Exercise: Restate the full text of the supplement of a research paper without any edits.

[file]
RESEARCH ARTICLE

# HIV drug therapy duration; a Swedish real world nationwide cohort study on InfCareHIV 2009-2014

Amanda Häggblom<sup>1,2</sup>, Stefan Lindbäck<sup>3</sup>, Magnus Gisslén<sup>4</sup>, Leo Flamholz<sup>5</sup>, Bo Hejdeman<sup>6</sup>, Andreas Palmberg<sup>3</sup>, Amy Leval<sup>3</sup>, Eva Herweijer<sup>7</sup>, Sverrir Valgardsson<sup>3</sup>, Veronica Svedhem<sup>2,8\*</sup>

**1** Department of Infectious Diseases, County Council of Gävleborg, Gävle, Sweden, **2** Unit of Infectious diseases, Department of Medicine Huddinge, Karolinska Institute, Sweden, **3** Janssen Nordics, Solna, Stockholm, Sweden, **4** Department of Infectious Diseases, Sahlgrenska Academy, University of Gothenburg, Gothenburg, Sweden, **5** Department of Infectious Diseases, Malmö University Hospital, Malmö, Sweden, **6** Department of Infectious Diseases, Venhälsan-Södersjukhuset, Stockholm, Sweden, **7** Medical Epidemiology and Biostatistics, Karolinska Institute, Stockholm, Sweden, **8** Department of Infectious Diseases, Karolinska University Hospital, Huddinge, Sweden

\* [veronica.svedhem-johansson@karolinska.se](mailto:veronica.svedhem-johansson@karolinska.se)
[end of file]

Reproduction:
RESEARCH ARTICLE

# HIV drug therapy duration; a Swedish real world nationwide cohort study on InfCareHIV 2009-2014

Amanda Häggblom<sup>1,2</sup>, Stefan Lindbäck<sup>3</sup>, Magnus Gisslén<sup>4</sup>, Leo Flamholz<sup>5</sup>, Bo Hejdeman<sup>6</sup>, Andreas Palmberg<sup>3</sup>, Amy Leval<sup>3</sup>, Eva Herweijer<sup>7</sup>, Sverrir Valgardsson<sup>3</sup>, Veronica Svedhem<sup>2,8\*</sup>

**1** Department of Infectious Diseases, County Council of Gävleborg, Gävle, Sweden, **2** Unit of Infectious diseases, Department of Medicine Huddinge, Karolinska Institute, Sweden, **3** Janssen Nordics, Solna, Stockholm, Sweden, **4** Department of Infectious Diseases, Sahlgrenska Academy, University of Gothenburg, Gothenburg, Sweden, **5** Department of Infectious Diseases, Malmö University Hospital, Malmö, Sweden, **6** Department of Infectious Diseases, Venhälsan-Södersjukhuset, Stockholm, Sweden, **7** Medical Epidemiology and Biostatistics, Karolinska Institute, Stockholm, Sweden, **8** Department of Infectious Diseases, Karolinska University Hospital, Huddinge, Sweden

\* [veronica.svedhem-johansson@karolinska.se](mailto:veronica.svedhem-johansson@karolinska.se)